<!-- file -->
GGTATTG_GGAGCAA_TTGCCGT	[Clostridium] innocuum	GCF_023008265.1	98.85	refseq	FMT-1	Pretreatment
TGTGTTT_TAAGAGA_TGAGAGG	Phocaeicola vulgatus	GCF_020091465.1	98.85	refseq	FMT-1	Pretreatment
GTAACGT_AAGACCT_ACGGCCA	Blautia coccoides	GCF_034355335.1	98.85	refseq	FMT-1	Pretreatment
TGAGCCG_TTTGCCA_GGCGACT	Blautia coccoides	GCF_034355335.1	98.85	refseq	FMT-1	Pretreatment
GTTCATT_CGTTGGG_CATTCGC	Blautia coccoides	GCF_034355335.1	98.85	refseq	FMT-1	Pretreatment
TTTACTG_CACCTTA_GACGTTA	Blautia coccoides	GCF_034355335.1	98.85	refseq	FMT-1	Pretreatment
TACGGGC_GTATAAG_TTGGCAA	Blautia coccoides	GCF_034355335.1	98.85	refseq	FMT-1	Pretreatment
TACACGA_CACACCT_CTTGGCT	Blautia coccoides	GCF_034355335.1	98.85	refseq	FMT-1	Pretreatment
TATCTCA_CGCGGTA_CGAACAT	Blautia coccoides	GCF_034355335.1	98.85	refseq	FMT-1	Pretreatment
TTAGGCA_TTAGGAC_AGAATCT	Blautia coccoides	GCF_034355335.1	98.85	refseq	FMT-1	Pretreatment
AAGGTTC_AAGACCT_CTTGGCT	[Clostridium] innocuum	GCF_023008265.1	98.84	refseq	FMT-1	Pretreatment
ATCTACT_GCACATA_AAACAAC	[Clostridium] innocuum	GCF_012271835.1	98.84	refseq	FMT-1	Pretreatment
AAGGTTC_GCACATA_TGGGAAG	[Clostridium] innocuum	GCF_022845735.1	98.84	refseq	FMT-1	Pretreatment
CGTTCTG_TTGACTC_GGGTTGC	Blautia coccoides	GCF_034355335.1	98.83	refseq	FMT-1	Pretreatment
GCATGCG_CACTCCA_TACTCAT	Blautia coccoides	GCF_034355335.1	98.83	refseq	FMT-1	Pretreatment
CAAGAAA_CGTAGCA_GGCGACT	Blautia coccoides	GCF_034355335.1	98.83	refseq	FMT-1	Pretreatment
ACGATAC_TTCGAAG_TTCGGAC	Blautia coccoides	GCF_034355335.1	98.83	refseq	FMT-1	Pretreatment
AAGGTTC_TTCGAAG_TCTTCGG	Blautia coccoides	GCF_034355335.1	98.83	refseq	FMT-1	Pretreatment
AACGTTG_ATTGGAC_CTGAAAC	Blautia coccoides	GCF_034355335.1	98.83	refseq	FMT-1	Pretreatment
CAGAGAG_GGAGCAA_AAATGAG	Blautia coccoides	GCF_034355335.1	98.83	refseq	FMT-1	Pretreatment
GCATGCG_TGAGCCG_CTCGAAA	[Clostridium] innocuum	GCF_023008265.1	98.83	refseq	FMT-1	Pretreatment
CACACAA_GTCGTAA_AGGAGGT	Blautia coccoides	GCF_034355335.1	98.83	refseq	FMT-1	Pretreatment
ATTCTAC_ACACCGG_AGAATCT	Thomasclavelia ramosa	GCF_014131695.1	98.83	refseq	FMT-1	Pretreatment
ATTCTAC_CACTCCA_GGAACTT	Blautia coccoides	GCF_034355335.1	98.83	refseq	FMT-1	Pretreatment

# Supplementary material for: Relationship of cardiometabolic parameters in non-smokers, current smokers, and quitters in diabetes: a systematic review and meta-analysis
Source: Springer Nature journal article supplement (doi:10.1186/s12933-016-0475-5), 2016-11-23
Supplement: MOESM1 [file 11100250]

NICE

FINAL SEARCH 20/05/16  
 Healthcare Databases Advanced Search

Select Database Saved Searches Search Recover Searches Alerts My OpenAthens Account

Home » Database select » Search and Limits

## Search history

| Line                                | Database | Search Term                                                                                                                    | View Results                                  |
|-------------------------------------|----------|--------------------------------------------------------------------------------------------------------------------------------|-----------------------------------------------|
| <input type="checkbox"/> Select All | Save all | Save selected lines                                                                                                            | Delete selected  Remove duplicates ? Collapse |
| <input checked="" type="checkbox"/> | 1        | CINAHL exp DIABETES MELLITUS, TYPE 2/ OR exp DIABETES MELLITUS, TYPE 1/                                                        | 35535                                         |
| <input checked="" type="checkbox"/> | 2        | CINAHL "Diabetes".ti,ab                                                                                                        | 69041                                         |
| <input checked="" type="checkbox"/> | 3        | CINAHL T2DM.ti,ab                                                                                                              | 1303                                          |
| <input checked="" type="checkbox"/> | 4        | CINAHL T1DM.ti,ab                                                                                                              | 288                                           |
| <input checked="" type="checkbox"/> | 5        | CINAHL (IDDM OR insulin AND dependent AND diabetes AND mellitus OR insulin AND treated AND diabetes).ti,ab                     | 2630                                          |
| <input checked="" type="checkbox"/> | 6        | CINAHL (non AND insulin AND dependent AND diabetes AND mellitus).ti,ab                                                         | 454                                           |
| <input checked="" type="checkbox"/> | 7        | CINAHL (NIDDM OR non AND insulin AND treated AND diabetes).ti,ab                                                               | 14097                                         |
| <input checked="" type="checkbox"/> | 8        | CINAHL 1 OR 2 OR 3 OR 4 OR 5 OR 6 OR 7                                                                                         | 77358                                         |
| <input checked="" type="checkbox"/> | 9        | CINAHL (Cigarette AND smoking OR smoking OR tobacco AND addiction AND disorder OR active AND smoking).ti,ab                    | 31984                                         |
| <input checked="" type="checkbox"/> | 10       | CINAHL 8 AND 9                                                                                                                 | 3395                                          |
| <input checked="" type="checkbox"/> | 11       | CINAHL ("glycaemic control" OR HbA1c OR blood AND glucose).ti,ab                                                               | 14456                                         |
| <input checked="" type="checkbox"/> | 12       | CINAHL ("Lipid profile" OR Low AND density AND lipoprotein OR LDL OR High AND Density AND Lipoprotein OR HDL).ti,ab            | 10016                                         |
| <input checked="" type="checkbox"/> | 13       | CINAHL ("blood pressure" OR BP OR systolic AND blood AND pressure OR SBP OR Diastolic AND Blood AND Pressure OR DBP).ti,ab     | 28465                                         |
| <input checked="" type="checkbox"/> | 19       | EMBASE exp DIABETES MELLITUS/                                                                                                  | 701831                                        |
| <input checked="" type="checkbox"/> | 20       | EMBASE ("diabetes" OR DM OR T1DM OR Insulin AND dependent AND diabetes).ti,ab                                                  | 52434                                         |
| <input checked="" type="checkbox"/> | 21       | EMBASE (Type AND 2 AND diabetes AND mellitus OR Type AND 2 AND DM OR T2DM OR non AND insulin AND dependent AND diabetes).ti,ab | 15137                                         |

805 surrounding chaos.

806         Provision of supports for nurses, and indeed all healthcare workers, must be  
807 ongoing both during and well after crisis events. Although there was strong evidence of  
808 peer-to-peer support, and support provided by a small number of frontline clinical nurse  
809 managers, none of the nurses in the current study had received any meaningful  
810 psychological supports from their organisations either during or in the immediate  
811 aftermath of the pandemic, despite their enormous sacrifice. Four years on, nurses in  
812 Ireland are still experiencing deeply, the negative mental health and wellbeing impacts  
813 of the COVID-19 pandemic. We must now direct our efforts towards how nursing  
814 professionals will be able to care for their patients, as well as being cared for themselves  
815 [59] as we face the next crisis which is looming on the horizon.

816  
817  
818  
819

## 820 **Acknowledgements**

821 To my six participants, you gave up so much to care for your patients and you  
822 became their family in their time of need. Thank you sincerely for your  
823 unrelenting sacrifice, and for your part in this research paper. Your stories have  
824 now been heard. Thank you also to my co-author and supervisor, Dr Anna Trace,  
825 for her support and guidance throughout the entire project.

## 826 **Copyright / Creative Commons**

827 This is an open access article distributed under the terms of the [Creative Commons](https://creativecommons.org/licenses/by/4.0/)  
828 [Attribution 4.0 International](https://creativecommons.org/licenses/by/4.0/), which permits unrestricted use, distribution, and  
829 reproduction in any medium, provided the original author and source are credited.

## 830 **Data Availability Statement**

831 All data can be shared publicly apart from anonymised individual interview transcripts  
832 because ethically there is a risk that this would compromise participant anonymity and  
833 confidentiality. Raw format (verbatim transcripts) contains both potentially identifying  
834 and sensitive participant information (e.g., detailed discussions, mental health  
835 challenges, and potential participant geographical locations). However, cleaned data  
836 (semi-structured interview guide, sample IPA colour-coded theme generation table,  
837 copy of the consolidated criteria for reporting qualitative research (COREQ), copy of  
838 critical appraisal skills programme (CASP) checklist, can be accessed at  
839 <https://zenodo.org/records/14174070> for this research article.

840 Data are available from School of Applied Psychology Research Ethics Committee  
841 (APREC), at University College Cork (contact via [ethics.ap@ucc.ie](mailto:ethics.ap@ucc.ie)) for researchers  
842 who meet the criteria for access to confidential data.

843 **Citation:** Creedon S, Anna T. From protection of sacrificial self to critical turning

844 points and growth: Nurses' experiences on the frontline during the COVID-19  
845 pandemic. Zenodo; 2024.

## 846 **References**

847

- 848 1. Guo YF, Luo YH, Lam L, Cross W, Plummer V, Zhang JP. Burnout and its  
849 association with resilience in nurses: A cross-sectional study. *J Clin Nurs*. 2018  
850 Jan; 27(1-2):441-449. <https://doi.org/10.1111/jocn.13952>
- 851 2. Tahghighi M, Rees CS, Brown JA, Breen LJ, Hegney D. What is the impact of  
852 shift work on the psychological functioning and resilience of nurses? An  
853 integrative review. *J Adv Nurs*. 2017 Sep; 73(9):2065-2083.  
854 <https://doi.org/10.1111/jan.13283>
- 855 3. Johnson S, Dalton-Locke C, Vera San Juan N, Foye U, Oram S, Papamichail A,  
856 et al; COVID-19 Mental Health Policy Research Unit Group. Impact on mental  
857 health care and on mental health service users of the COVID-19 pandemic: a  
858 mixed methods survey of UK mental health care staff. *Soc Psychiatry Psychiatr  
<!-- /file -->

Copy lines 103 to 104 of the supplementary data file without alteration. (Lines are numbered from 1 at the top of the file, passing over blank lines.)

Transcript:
- 855 3. Johnson S, Dalton-Locke C, Vera San Juan N, Foye U, Oram S, Papamichail A,  
856 et al; COVID-19 Mental Health Policy Research Unit Group. Impact on mental  